This sonically schizophrenic song features propulsive percussion and festive horns gleaned from Haiti. Arcade Fire multi instrumentalist and co-vocalist Régine Chassagne has roots in the Caribbean country as her Haitian parents emigrated to Canada during the tyrannical dictatorship of Papa Doc. The band has traveled there on several occasions in recent years, including a trip to Haiti's Carnival in Jacmel.
Three percussionists from the Haitian band RAM lent a hand to this floor-filler. Chassagne, and Will and Win Butler spent two weeks in New Orleans with the drummers working specifically on rhythm. "We just recorded beats," Chassagne told The Guardian. "We were interested in doing hybrid beats that could translate stuff that I know from my family background in Haiti. I was always interested to try to find rhythms that mean something, to communicate emotion through rhythm and music. Because rhythm is almost like a vocabulary."
This is one of several songs on Reflektor inspired by the band's time spent in Haiti. Frontman Win Butler told The Sun: "We spent a lot of time in Haiti, an island a lot of people don't get to see. So we wanted to bring Haiti to the people. And the Haitians know how to party. We have a lot to learn, that's for sure."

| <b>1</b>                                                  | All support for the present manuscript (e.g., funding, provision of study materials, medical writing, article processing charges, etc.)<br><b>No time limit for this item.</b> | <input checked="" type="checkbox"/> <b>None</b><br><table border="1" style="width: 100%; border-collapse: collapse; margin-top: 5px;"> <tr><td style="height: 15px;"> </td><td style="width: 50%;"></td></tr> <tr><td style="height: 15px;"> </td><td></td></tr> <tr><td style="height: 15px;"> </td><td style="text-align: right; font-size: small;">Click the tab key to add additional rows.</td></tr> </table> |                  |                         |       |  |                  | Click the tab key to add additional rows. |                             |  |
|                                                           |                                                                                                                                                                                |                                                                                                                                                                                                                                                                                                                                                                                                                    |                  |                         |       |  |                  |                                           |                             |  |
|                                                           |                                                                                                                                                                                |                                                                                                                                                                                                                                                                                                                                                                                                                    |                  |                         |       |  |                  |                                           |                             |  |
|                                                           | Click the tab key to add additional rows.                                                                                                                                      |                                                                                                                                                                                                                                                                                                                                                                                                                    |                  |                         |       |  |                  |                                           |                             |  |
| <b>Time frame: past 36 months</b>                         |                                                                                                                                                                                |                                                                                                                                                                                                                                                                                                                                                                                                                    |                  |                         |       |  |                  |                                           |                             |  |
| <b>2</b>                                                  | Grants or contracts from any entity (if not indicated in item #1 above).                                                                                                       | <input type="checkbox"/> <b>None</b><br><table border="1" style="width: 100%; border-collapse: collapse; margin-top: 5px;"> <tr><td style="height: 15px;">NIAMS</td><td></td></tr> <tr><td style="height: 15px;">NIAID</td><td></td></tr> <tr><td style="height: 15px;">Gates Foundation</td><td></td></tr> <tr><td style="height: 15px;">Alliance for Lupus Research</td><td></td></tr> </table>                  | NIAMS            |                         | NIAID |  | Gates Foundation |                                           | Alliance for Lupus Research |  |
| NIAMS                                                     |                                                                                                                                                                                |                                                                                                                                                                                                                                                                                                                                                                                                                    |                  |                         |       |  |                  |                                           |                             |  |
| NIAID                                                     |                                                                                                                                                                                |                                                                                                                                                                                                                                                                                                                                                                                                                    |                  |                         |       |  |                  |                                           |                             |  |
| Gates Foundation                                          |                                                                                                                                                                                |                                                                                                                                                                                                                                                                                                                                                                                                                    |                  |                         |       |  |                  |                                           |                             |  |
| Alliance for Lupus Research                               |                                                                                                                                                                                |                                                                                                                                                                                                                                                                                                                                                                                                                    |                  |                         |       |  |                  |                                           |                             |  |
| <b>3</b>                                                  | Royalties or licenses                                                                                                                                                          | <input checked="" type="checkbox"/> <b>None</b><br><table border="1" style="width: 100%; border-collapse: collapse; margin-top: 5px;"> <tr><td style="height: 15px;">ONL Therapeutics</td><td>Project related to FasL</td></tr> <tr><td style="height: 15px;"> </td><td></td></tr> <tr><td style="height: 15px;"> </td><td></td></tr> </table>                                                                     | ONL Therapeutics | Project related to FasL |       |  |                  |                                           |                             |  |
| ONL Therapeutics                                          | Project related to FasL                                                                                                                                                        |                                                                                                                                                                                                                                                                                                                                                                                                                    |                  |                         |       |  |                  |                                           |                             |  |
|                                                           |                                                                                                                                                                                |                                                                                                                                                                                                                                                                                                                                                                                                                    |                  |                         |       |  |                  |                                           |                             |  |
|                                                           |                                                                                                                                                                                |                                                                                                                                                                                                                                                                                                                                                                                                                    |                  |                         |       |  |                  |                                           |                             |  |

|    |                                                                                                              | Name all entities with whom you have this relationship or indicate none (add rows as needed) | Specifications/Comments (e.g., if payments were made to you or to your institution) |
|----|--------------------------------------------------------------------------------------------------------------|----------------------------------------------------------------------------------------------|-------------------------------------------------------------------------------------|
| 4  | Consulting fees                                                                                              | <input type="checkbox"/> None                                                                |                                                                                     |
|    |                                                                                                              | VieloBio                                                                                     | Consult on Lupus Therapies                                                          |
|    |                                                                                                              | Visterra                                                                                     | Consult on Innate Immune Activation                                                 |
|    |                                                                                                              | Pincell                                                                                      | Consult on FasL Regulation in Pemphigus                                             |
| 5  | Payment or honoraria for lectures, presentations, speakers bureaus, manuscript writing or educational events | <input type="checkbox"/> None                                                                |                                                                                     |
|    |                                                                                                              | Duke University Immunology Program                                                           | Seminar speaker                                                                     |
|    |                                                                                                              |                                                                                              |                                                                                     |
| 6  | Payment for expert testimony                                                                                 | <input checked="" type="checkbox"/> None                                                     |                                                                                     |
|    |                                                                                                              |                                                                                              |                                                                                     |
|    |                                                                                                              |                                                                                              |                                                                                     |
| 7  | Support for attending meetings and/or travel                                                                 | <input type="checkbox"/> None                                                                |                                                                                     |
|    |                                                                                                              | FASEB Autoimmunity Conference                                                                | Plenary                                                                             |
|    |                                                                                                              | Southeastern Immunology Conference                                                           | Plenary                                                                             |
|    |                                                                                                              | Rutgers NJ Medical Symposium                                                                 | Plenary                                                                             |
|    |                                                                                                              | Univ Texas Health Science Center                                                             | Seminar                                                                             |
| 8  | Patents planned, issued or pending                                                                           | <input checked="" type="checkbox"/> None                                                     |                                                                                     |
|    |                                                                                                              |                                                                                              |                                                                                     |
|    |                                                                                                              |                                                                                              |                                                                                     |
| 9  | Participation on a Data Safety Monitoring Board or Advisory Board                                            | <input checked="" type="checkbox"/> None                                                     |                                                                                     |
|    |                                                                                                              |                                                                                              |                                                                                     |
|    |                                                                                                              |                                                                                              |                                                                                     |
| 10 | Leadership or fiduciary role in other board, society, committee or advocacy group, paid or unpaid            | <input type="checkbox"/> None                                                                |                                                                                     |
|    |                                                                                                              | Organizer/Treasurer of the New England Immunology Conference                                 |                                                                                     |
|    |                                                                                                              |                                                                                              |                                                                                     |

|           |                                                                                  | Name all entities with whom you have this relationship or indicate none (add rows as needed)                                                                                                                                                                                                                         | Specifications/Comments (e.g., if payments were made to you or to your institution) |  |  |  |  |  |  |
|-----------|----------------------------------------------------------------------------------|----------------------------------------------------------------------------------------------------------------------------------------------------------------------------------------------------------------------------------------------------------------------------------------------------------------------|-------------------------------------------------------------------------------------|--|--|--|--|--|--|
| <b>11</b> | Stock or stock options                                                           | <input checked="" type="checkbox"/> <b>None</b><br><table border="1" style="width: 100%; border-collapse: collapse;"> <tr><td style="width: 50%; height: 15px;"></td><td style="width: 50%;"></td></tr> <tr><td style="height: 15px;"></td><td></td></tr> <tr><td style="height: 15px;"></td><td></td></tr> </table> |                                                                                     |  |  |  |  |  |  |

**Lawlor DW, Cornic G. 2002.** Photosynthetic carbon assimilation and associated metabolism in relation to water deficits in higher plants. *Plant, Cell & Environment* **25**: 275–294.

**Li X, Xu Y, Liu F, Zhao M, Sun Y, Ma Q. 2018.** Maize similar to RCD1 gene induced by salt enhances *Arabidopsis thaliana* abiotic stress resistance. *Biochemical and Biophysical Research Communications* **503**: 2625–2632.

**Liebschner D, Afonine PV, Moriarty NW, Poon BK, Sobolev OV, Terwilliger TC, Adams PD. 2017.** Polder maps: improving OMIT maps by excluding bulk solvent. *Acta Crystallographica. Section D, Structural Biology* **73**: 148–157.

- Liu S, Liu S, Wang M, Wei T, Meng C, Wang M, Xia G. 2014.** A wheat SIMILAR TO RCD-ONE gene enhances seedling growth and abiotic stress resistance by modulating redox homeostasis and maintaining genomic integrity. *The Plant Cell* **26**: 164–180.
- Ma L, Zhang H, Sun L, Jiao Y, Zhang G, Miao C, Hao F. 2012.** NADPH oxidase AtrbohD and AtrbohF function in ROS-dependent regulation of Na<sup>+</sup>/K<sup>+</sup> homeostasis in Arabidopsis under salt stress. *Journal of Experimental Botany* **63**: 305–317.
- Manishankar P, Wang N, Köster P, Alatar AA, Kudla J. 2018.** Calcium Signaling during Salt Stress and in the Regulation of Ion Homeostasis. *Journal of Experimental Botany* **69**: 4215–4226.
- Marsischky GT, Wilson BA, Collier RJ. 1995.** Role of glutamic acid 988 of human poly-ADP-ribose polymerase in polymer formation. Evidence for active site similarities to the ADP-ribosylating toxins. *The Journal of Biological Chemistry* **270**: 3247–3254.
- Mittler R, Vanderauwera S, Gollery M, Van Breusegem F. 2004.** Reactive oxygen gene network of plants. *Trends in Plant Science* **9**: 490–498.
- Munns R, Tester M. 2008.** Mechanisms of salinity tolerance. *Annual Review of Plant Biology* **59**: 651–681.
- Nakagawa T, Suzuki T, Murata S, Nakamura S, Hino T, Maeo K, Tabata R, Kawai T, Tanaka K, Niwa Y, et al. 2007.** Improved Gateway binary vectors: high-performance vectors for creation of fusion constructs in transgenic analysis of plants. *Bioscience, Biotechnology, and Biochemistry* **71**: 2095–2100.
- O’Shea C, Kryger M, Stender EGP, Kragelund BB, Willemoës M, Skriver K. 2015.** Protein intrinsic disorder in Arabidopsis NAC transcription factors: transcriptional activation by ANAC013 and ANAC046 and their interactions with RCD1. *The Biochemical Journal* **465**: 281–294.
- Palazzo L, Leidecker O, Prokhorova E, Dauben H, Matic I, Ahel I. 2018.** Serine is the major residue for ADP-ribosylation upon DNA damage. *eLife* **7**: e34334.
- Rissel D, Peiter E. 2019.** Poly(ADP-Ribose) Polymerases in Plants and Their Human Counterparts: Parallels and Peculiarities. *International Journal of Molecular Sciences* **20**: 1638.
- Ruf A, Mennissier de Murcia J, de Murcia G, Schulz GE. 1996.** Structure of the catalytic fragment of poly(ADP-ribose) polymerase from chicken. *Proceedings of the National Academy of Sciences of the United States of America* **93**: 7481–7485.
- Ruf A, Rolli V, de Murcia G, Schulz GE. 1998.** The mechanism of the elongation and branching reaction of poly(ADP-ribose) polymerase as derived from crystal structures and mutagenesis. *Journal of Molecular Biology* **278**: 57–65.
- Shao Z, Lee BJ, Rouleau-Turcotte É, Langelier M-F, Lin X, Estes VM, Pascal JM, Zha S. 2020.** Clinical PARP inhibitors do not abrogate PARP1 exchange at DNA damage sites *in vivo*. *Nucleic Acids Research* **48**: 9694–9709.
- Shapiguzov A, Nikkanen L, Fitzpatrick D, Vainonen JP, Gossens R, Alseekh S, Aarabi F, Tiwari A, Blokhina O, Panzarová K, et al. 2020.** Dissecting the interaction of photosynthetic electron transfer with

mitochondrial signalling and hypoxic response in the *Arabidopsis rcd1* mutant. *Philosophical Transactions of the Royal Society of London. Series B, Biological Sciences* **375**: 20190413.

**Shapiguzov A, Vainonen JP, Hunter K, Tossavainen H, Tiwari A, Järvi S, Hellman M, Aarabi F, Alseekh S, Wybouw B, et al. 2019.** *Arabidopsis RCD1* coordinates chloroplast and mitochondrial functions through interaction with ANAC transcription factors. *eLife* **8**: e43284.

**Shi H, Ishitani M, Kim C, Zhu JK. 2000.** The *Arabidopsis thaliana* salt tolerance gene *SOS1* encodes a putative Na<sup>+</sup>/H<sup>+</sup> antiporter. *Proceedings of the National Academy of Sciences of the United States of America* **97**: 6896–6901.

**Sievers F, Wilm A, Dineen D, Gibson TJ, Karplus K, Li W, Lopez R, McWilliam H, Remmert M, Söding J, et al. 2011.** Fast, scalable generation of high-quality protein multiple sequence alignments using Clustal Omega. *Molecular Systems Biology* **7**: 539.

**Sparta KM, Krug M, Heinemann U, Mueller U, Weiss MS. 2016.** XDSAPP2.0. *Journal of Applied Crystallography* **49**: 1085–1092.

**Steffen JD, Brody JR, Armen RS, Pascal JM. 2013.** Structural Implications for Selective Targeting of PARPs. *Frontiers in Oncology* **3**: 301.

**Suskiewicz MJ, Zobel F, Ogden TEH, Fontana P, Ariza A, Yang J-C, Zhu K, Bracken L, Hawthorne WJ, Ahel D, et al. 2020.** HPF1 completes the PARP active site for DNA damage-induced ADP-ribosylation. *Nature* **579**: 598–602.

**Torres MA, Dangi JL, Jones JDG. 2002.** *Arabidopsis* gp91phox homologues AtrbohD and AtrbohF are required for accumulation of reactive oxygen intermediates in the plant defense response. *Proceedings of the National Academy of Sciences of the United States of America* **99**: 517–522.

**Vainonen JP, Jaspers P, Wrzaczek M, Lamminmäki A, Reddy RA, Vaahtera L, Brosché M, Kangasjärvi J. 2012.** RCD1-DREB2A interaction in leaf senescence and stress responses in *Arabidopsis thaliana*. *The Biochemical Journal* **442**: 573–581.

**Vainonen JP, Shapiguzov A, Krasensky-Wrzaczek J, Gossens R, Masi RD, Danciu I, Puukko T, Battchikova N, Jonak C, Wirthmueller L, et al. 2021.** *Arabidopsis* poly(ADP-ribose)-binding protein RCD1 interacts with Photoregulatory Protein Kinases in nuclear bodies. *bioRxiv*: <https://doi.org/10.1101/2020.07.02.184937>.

The song starts with Butler singing:
"When the sun goes down
When the sun goes down, you head inside
Cause the lights don't work."
He explained in an interview with Macleans magazine: "There's a crazy energy in Port-au-Prince when the sun goes down, because there is no electricity in a lot of the city. A lot of parts of the city are pretty dangerous, and people are rushing around trying to get home."
The song finds Win Butler criticizing Christian missionaries, whom he believes shouldn't be attempting to convert Haitians from their own beliefs. The Arcade Fire frontman explained to Rolling Stone that he was thinking about, "Just the absurdity that you can go to a place like Haiti and teach people something about God. Like, the opposite really seems to be true, in my experience. I've never been to a place with more belief and more knowledge of God."
Win Butler described the song to Rolling Stone as "kind of a hybrid of Haitian Rara and Jamaican influence." He added: "We spent some time in Jamaica, but it sounds like a Cure song at the end of the day, kind of a mashup. I mean, it's not like our band trying to play Haitian music. I just felt like we were opened up to a new influence. Bob Marley probably felt the same way the first time he heard Curtis Mayfield."